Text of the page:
- The purple line shows the use of electricity (excluding gas replacement) by month. It’s relatively stable through the year, although it does rise in the autumn as my daughter started school and so my electric car mileage increased.
- The green line shows the output from the solar panels. From April to August (5 months) solar panel output exceeded usage giving the potential not to buy electricity with sufficient smart capability – be that electricity storage or alignment of consumption with availability.
- The red line shows import of electricity from the mains. It tends to be the reverse of the solar panel output. It’s never zero indicating potential (at cost) to improve smart usage. Solar power is a more significant energy source than imported power from March to September (7 months).
- The blue line shows diversion of surplus electricity to water heating as gas replacement.
- The turquoise line shows export of electricity to the grid. This occurs when there is insufficient energy smart resource available to store or self-use the surplus power. Export amounts to about 12% of total solar panel output. While this potentially free energy, the economics of storage or smart controls make using this remainder increasingly costly from an investment perspective. In my case this surplus occurs on particularly sunny summer days when the electric car is not at home or is already fully charged – which might be vacation periods when the house is unoccupied for example.
Here we have the system in action earlier today. With 1542 Watts coming from the solar panels, the house (including the PowerVault storage battery) is running at a maximum of 1097 Watts, with the balance of the available power controlled by the ImmerSUN- 410 Watts to water heating and at the point of this snapshot 35 Watts into the grid. At this moment that’s 97% of generation used as such self-consumption and 100% of energy being consumed coming from the solar panels.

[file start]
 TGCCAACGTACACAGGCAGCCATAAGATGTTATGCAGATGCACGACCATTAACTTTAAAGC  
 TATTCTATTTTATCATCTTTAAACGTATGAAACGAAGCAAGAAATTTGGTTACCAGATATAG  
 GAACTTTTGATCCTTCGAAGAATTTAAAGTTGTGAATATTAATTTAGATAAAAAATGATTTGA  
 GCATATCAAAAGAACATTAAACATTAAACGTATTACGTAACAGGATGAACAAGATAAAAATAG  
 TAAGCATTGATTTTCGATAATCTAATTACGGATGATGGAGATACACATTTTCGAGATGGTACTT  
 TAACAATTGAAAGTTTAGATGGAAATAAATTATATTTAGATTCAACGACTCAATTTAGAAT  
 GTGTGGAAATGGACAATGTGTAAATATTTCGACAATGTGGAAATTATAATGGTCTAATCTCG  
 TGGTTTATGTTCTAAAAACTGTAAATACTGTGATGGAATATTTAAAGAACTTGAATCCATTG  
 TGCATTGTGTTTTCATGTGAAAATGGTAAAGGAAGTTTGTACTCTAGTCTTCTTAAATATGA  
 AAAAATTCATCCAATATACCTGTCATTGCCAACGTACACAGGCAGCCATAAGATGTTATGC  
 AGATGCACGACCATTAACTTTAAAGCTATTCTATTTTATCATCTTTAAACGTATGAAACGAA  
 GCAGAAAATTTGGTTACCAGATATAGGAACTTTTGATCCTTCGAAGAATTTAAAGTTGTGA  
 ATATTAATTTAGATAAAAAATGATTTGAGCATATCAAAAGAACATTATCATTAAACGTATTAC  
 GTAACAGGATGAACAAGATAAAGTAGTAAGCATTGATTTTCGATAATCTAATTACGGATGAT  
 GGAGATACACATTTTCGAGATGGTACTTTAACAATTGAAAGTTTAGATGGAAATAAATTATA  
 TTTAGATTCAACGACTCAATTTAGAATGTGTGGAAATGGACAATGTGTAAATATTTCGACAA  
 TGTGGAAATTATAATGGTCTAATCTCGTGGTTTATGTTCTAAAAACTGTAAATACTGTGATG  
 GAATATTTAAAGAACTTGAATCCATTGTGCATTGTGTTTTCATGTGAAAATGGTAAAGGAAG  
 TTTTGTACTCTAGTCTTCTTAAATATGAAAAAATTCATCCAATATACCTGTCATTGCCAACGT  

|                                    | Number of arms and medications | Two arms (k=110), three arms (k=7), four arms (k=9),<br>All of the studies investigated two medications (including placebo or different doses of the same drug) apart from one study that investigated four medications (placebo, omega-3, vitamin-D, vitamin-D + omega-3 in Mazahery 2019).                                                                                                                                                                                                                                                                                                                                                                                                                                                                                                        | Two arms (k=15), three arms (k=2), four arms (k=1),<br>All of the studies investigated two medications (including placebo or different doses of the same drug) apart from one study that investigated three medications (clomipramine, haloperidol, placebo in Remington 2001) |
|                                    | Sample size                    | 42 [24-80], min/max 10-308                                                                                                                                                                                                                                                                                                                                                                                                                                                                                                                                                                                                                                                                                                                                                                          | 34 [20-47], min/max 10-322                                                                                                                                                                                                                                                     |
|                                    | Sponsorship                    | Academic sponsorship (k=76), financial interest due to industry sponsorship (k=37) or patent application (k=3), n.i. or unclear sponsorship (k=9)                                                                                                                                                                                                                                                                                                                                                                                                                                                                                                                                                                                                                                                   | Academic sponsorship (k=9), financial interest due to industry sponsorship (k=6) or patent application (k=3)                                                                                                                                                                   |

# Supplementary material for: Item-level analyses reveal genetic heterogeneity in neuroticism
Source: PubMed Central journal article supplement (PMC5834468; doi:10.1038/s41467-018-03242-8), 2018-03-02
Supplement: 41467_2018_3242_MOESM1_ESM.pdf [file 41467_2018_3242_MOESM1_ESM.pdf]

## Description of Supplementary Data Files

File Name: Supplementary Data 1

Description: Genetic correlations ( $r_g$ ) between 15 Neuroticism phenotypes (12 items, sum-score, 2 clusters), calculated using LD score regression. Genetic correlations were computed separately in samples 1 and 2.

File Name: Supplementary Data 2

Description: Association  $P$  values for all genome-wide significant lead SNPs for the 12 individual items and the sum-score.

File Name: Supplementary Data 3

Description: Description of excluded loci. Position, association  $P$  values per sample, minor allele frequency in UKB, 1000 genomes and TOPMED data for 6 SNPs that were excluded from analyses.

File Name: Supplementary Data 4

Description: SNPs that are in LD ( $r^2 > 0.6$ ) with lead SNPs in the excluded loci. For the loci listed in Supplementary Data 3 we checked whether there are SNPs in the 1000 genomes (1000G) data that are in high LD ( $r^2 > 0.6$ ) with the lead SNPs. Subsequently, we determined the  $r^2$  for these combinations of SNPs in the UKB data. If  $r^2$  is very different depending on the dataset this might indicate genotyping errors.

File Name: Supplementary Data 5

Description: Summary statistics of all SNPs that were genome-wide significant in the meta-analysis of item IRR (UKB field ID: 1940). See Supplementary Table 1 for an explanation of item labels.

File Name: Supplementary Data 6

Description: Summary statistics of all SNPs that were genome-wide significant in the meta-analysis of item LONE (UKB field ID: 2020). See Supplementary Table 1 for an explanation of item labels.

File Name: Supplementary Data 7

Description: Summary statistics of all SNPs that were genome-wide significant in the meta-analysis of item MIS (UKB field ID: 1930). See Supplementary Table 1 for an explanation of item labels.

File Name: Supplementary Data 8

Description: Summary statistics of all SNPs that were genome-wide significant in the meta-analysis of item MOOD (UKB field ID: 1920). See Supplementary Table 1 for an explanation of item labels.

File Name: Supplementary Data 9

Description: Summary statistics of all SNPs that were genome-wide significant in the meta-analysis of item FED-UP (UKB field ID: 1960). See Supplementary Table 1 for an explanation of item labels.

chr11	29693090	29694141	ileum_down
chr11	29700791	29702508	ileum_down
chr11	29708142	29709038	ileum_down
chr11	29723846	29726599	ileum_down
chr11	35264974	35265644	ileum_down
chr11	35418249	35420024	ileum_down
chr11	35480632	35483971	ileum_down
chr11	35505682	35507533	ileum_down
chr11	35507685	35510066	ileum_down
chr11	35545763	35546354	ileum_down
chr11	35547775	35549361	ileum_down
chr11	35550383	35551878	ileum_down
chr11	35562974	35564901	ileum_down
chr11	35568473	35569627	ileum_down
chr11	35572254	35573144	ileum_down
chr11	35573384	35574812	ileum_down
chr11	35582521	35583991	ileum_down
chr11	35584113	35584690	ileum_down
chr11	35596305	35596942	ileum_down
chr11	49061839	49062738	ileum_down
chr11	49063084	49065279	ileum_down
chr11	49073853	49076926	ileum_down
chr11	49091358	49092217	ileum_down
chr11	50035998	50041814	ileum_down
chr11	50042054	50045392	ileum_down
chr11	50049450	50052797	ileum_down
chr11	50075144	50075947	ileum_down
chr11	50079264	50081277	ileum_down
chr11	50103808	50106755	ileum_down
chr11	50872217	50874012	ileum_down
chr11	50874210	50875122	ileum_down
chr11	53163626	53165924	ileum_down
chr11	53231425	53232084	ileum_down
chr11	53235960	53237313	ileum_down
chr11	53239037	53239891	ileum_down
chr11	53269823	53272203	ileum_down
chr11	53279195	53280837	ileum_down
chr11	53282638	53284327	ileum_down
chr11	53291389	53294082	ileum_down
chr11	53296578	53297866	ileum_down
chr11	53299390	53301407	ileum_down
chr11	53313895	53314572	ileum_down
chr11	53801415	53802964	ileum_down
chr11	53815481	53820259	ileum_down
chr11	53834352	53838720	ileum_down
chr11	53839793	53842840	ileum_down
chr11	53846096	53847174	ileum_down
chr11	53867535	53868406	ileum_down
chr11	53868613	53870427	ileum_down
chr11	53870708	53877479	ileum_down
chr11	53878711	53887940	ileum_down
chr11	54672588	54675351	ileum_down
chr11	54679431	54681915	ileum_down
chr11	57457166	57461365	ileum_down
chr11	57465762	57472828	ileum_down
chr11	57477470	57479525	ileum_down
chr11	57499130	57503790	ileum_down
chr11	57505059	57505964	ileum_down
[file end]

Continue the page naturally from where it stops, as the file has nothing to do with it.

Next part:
if the ImmerSUN had priority then it would have taken all the available power leaving nothing for the PowerVault storage battery.
In a prior post I described the use of current clamps to prioritise smart loads that are enabled by surplus solar power to maximise self-use of this ‘free’ electricity. That’s free in the sense that a deemed export tariff doesn’t pay any more for an extra kWh exported, or pay any less for an extra kWh used, and so the marginal cost of using that (and every other) kWh is zero. In that post three current clamps were visible in the picture – though I described only the function of the right-most.
In fact my home currently has 6 current clamps which is probably more current measurement than the substation that supplies my area. The six clamps are as follows:
|Solar panel output||Report (1)||-||Report (4)|
|Immersion heater||Control||Measure sum (3)||-|
|Import / Export||Measure (2)||Report (5)|
|Battery In / Out||-||Control||Report (6)|
I’ve tried to distinguish between their functions as follows:
- Control – is an output current actively controlled by a device so there’s generally no need to measure it with a clamp.
- Measure – a clamp whose output is analysed automatically to create a control action such as divert more or less power to some device.